job directly to the printer, man.  Printers tend to have, y'know, RAM
to store and spool out print jobs, so it's not necessary to have system
software to do that, too.  I wish PDQ had remained viable, but it seems
to have been unmaintaine for 11 years.

So, anyway, I'd not personally touch LPRng without a really good reason,
because there's compelling history about why it got replaced.

I would use CUPS -- _and_ (critically) be really careful about printer
selection to avoid walking into dependencies on brittle proprietary
drivers.  Which is the theme I'll cover next:

> I see that the former linuxprinting.org website is now managed by
> the Linux Foundation and is now the OpenPrinting site [05]. The
> OpenPrinting site has a comprehensive FAQ at [06] that I think will
> be very helpful for Jackie's and others' printing needs under Linux.

Like everything that Linux Foundation takes over, Grant Taylor's
linuxprinting.org site has become vastly _less_ helpful and useful under
LF management as www.openprinting.org .  For example, Grant had some
pages explaining why certain B&W laser printer models were excellent
choices for Linux on account of durability, low price, and avoidance of 
dependency on proprietary secret sauce and other specific makes/models
really sucked.  All gone.

Also, Grant's linuxprinting.org site was really clear about which driver
choices were heavily proprietary and which were not, making it a key aid
to intelligent printer shopping.  The carryover of his linuxprinting.org
site to www.openprinting.org cannot be bothered.  Here's a small


  works Perfectly        
  Recommended Driver: hplip 

Grant would have warned you that hplip is an 'open core' codebase where
the basic engine software is open source but most supported HP printers
& scanners require separately downloaded proprietary & binary-only
'plugins' housing HP's secret sauce tricks.  

www.openprinting.org cannot be bothered, because Linux Foundation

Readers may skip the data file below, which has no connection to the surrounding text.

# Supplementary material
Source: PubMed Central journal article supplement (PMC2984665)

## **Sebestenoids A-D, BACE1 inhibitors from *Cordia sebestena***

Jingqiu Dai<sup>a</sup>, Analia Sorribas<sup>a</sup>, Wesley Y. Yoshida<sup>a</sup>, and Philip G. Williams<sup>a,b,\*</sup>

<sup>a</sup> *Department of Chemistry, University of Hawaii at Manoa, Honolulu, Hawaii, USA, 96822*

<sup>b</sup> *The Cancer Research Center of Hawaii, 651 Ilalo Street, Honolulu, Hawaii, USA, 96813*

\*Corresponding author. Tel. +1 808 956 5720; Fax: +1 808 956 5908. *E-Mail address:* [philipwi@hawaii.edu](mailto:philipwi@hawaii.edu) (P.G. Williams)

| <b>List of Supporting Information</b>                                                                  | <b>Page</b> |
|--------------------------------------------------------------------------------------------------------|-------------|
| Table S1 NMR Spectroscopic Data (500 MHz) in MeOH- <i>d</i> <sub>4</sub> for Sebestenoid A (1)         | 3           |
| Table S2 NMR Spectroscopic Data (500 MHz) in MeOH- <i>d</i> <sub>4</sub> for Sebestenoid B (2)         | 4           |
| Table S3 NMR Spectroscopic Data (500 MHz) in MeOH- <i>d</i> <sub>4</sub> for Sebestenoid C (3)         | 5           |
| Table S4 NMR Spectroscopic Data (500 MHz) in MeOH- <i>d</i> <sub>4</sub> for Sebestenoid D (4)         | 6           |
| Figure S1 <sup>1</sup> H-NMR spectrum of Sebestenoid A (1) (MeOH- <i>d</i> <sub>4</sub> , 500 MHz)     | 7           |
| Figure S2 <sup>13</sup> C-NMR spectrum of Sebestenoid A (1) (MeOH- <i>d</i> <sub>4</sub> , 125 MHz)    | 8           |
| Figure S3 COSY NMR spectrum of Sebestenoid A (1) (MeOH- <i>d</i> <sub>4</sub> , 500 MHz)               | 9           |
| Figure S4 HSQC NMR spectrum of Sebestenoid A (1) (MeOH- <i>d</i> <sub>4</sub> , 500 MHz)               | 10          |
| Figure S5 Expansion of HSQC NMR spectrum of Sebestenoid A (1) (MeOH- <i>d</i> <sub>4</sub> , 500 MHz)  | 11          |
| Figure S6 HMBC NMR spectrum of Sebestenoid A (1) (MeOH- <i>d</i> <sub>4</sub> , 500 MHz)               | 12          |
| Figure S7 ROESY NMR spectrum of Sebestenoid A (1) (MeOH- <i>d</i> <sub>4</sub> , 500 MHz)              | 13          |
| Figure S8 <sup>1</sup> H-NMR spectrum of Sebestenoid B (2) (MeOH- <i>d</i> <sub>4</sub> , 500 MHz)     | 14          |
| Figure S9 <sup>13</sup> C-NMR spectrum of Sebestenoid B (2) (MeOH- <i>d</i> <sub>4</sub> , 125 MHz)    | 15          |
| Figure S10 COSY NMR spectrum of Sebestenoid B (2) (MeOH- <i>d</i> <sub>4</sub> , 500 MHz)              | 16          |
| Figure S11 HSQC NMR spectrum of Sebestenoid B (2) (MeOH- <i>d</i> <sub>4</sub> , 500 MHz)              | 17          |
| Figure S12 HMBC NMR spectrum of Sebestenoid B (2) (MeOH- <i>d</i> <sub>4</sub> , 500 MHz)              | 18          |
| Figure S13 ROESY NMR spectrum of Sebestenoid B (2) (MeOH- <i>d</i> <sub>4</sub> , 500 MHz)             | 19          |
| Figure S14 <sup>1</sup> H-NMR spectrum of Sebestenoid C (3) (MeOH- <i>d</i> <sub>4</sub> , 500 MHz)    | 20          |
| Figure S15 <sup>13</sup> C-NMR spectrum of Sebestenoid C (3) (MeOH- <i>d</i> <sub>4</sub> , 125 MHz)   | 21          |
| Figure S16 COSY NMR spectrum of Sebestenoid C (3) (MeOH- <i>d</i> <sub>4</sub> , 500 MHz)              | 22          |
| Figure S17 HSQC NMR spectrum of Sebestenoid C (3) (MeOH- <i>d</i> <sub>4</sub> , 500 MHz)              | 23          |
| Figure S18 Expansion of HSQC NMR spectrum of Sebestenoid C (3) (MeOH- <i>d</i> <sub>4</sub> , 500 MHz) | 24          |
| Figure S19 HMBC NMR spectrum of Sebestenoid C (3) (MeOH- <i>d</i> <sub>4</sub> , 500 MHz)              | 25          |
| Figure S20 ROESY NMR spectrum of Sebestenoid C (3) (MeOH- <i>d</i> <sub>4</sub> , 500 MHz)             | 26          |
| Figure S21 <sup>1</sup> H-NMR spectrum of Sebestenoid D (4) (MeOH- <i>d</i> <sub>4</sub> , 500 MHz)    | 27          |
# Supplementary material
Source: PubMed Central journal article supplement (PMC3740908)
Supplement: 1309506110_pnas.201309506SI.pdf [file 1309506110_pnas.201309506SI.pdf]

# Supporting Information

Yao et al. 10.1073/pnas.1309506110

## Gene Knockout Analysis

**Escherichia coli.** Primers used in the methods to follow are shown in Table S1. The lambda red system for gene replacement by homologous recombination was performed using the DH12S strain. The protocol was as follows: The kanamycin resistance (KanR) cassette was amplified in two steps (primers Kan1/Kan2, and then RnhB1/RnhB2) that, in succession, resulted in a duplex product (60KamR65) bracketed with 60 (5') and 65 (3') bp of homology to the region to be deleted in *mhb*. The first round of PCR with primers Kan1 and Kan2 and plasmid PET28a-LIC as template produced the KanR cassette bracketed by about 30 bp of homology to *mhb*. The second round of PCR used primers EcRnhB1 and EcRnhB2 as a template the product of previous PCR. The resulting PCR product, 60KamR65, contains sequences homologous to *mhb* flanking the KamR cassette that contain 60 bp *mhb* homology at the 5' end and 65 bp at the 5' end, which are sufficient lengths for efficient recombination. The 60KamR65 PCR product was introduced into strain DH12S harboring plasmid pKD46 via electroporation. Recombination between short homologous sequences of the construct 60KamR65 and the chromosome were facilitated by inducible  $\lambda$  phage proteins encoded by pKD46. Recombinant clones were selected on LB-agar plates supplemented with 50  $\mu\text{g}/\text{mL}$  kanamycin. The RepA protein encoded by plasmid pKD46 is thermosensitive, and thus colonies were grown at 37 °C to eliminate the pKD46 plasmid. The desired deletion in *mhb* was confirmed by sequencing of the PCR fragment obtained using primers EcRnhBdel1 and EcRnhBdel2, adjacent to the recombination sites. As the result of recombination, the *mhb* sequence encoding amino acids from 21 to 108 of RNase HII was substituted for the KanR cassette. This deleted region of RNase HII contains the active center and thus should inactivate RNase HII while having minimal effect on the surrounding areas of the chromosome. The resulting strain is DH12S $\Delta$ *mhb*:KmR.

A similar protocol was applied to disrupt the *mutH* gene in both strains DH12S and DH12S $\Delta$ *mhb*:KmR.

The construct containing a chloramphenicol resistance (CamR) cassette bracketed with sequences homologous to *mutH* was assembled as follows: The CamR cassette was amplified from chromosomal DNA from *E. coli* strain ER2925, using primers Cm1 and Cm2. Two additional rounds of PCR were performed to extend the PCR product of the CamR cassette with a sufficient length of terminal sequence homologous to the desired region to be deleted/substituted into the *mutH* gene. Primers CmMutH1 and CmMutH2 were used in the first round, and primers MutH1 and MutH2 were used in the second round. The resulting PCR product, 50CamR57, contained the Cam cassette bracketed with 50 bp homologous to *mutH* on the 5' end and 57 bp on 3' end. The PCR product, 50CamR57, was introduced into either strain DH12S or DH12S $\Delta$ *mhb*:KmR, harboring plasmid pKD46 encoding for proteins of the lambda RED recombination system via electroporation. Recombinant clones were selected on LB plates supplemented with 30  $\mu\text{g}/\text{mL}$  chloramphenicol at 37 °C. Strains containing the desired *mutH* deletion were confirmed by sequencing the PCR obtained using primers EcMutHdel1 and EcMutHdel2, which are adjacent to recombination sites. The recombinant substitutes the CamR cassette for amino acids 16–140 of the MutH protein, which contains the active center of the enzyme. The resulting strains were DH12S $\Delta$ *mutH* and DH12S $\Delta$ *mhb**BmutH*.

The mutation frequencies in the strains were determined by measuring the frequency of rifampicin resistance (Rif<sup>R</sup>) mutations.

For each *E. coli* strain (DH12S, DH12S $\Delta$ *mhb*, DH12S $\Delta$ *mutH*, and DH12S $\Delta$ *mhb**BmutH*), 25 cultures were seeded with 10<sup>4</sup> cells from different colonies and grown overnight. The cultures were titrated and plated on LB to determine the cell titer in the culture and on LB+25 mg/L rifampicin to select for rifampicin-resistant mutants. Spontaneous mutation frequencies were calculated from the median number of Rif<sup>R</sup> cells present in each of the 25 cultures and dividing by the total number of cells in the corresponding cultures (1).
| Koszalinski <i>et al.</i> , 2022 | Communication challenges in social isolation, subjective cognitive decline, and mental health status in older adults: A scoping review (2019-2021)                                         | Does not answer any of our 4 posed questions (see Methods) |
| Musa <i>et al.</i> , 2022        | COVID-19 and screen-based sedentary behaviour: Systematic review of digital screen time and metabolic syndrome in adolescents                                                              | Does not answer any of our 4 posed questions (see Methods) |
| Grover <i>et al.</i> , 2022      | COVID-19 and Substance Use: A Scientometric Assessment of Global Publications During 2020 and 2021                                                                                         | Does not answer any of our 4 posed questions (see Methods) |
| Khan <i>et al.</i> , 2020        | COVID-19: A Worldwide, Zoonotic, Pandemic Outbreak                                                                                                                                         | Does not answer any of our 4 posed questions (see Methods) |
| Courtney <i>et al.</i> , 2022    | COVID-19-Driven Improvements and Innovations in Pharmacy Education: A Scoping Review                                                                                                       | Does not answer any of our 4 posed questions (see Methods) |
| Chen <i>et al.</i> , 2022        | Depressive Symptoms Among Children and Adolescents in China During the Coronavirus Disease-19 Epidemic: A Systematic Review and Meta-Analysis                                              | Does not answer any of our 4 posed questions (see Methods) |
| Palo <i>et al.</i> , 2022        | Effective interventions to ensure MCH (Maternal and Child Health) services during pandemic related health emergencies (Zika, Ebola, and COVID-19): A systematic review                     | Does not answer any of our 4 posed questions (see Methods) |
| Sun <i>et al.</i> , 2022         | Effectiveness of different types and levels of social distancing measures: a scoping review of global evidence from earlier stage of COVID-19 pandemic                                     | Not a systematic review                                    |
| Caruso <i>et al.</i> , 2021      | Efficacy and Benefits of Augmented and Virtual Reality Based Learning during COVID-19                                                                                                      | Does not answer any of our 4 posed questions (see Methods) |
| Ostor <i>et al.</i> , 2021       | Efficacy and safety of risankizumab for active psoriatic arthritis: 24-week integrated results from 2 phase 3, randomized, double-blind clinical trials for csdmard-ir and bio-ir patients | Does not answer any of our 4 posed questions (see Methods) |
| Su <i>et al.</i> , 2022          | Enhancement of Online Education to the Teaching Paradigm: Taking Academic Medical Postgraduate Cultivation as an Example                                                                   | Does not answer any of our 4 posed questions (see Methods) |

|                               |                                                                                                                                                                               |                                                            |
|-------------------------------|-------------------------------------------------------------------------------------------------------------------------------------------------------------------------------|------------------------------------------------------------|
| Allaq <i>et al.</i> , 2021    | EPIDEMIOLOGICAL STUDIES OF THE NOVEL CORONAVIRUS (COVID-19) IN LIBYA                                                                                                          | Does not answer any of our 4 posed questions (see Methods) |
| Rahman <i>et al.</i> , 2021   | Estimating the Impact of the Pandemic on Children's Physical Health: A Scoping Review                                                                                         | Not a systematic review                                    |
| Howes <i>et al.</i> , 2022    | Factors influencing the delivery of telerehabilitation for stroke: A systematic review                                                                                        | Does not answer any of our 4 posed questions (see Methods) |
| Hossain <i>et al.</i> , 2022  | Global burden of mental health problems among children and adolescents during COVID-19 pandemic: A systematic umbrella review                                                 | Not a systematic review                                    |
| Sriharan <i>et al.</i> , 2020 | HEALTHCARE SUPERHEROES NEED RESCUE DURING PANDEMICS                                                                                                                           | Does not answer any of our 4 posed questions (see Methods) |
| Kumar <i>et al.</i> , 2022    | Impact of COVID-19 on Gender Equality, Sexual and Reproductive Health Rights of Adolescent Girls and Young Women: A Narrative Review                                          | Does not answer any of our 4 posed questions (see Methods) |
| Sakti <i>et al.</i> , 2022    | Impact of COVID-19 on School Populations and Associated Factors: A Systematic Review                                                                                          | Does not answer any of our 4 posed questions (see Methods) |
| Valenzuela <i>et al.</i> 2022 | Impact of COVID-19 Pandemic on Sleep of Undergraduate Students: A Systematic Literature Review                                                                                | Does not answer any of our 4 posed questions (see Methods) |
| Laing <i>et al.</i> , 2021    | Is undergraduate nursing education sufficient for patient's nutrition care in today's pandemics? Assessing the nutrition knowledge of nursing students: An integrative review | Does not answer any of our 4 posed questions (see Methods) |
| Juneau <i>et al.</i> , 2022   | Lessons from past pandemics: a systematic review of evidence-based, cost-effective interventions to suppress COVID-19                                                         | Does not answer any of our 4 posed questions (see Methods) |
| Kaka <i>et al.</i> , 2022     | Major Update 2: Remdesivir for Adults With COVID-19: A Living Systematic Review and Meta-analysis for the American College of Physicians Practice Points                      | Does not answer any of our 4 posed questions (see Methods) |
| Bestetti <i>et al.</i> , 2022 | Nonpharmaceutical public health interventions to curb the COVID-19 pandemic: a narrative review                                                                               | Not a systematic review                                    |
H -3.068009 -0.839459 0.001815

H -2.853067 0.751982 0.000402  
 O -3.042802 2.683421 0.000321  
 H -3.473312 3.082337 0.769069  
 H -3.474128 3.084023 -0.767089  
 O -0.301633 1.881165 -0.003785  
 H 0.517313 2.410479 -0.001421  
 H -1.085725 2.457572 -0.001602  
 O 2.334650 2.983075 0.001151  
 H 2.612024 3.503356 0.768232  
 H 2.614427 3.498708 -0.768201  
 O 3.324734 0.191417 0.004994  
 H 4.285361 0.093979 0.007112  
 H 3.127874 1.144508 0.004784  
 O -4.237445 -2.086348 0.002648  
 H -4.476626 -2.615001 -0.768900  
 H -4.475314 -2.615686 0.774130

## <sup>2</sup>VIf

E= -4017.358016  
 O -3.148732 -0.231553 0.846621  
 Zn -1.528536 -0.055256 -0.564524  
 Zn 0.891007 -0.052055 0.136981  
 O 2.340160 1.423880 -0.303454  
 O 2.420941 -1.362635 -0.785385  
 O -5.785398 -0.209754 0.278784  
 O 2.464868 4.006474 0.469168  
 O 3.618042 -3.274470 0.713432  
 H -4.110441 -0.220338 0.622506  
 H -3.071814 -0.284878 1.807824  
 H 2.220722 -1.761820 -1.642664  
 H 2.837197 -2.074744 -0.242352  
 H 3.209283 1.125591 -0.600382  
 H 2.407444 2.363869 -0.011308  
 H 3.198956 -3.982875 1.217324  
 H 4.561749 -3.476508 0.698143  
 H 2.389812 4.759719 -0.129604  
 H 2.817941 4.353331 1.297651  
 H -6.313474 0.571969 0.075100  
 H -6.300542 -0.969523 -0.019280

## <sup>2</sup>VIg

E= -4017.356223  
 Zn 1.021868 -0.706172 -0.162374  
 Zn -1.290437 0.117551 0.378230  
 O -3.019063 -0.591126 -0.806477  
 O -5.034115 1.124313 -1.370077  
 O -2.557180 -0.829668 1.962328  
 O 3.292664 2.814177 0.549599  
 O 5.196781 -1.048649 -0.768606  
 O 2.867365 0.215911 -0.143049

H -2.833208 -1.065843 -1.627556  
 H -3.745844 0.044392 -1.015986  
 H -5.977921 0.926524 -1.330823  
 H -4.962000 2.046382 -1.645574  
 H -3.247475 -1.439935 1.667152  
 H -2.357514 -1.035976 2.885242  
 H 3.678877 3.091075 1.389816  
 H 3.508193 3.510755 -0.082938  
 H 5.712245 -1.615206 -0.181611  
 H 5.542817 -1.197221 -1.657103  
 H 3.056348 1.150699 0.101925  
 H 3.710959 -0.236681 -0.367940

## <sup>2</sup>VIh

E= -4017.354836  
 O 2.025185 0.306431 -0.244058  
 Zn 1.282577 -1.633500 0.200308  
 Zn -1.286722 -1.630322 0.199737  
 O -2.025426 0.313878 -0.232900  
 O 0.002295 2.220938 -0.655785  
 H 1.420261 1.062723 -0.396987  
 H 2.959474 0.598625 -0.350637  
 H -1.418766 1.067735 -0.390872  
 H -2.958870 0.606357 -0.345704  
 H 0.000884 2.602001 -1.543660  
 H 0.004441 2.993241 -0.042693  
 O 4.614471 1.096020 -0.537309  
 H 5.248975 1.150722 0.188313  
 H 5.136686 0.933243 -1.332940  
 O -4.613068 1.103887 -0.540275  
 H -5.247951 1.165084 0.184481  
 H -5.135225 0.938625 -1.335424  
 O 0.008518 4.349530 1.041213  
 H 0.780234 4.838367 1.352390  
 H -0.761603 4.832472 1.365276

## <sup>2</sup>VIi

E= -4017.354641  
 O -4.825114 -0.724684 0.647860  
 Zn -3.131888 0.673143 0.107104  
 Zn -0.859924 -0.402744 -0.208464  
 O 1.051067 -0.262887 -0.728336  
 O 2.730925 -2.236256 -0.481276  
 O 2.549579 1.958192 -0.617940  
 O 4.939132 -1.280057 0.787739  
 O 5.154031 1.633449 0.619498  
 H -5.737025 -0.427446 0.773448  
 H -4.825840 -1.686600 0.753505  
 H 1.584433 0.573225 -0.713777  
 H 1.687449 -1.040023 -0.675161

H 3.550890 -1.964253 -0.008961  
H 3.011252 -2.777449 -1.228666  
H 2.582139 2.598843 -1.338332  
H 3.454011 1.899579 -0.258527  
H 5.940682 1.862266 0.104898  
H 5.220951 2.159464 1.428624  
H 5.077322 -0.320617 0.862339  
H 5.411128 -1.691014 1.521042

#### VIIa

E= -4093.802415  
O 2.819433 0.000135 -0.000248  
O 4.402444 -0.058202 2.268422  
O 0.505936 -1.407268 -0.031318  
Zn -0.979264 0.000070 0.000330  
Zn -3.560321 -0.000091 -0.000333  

doesn't care about Linux users and open source, only about corporate
sponsorship money and its own self-perpetutation.  Rob Landley explains
the problem, here:

> The OpenPrinting site also has a list of specific Xerox printers
> that are "Penguin-rated" for Linux compatibility [07]; all the way
> from a Perfect three-Penguin rating down to the Paperweight
> null-Penguin rating.

Beware of proprietary traps.  Unfortunately, LF has punted on open

Here's an example, color 600x600dpi laser printer Xerox Praser 6280.

  works Perfectly        
  Recommended Driver: 6280_Linux.tar

What does 6280_Linux.tar have in it?  You can't find it there because
the download link is broken, the View PPD file link is broken, and the
Directly Download PPD link gives you a zero-length file.  In some cases,
this reflects a file being a temporarily offered, proprietary,
binary-only filter directly from the vendor that nobody else even had
the right to redistribute let alone maintain, hence it was a mayfly.
This is typical.  Stuff gets EOLed and then vanishes.  However, in this
case, Xerox merely moved  6280_Linux.tar to a different download
location and Linux Foundation never noticed:

It turns out, the tar archive contains a single file,
Xerox-Phaser-6280-1.0-1.noarch.rpm, which in turn contains:


Now, I've not bothered to poke further, but I can confidently predict
that the PPDs are proprietary. Searching the Web for discussion reveals
large number of problems with them.

[1] Official word since 2012 is that 'CUPS' no longer stands for
anything, because the custodians of the trademark over the word 'UNIX',
wankers named 'The Open Group', raised a fuss over licensing.